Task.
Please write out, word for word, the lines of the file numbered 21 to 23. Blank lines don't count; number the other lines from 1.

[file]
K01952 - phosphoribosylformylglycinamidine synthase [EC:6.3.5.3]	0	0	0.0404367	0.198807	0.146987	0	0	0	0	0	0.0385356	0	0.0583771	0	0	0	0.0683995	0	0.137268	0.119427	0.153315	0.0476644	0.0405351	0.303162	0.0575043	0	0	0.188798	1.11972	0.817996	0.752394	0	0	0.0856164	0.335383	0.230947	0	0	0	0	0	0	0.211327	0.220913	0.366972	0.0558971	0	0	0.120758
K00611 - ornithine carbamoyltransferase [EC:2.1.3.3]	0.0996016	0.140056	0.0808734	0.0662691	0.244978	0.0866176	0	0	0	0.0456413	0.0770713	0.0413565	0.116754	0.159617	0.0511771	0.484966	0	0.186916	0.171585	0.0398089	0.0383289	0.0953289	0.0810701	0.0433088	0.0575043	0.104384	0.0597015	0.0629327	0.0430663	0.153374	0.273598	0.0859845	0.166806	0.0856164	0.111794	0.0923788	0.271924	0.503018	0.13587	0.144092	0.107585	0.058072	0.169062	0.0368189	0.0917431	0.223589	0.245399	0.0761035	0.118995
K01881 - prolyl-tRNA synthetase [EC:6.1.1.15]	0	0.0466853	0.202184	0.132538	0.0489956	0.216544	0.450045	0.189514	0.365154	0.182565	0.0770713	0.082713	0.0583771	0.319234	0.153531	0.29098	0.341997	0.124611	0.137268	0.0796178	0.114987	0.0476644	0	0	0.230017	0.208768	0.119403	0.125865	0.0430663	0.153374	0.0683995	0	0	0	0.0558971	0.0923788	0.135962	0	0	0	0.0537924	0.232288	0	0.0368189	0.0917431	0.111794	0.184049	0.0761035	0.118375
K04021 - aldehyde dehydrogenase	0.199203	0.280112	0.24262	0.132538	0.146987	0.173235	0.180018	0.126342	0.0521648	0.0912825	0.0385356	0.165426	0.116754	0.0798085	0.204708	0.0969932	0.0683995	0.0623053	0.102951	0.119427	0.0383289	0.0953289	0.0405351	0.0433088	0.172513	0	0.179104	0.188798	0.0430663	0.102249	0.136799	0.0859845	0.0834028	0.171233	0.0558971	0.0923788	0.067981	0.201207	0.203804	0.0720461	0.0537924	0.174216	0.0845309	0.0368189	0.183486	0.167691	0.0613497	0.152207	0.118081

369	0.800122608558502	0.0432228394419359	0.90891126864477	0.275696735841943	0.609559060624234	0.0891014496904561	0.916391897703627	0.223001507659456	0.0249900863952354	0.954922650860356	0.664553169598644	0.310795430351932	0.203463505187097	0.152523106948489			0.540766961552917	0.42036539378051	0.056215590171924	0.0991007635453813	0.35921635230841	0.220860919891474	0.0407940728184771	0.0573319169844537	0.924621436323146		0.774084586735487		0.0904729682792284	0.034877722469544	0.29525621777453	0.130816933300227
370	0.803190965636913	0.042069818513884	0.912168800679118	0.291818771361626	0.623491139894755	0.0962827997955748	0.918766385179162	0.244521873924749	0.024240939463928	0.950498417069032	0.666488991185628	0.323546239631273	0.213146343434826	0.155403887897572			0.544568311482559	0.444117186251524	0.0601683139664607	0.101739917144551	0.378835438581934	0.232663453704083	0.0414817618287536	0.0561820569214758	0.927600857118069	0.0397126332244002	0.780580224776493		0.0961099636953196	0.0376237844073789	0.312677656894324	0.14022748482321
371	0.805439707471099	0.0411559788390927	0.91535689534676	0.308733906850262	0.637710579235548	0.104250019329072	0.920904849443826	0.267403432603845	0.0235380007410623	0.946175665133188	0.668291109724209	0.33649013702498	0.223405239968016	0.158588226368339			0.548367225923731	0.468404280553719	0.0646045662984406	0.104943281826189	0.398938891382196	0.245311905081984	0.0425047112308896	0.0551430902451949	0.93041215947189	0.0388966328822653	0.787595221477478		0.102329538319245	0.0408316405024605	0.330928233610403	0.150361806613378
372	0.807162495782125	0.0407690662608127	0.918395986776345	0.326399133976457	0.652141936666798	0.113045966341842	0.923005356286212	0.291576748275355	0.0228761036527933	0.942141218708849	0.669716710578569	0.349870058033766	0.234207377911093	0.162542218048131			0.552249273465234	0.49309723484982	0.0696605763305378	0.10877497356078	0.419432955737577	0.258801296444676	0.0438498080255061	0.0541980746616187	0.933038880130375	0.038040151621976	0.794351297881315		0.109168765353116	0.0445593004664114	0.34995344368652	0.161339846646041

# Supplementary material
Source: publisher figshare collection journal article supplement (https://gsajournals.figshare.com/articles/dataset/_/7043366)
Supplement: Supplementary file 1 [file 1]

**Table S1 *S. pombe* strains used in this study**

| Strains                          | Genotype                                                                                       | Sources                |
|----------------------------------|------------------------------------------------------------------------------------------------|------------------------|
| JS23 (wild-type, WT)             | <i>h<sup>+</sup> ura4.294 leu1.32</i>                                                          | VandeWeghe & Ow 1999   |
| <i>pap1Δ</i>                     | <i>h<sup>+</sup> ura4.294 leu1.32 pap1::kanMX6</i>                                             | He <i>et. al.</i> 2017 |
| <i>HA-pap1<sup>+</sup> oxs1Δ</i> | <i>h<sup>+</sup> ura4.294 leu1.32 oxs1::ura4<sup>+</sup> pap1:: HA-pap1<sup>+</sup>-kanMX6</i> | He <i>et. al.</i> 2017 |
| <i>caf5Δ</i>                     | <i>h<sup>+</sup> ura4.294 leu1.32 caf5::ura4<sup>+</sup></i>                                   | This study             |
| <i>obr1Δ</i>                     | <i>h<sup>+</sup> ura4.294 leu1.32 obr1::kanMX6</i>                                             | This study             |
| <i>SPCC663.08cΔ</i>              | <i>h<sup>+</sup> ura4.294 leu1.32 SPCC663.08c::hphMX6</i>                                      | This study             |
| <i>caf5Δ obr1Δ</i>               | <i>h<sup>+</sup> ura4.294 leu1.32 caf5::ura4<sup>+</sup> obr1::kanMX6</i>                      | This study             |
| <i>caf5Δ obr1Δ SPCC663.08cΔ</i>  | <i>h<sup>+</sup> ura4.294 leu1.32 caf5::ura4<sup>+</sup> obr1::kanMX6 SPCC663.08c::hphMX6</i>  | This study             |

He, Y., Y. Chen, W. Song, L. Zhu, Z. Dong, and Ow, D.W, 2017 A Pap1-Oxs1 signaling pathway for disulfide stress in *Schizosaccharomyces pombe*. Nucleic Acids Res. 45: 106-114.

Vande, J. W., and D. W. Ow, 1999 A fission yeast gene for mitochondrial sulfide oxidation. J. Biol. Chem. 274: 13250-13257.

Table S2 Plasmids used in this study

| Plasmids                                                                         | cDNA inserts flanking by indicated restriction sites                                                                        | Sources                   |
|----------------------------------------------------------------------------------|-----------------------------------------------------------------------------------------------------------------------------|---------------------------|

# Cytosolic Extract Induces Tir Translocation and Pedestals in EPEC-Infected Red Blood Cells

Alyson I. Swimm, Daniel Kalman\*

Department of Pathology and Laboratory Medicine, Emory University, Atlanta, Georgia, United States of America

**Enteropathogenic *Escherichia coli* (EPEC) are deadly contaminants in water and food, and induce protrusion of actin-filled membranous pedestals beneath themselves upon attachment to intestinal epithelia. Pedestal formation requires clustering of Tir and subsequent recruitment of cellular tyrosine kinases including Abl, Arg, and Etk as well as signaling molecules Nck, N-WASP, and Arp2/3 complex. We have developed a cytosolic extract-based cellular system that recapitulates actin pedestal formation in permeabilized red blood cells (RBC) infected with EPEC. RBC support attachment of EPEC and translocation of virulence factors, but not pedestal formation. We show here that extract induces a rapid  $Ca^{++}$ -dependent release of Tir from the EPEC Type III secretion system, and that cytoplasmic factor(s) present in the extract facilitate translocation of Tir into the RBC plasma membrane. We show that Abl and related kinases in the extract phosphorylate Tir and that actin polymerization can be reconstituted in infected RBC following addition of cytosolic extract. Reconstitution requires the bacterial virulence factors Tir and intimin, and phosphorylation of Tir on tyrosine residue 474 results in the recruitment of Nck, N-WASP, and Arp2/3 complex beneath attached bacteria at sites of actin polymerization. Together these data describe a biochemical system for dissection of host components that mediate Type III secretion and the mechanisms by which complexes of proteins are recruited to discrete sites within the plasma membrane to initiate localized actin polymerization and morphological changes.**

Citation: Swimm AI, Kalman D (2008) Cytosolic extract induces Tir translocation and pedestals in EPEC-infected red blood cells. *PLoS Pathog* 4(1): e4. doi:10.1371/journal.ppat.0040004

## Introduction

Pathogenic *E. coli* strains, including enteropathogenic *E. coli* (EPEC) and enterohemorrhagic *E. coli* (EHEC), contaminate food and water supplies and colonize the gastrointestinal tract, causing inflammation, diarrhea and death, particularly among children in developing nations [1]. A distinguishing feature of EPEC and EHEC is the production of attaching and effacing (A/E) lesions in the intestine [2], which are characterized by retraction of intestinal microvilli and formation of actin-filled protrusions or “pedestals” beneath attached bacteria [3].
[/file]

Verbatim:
| <i>caf5Δ obr1Δ</i>               | <i>h<sup>+</sup> ura4.294 leu1.32 caf5::ura4<sup>+</sup> obr1::kanMX6</i>                      | This study             |
| <i>caf5Δ obr1Δ SPCC663.08cΔ</i>  | <i>h<sup>+</sup> ura4.294 leu1.32 caf5::ura4<sup>+</sup> obr1::kanMX6 SPCC663.08c::hphMX6</i>  | This study             |

He, Y., Y. Chen, W. Song, L. Zhu, Z. Dong, and Ow, D.W, 2017 A Pap1-Oxs1 signaling pathway for disulfide stress in *Schizosaccharomyces pombe*. Nucleic Acids Res. 45: 106-114.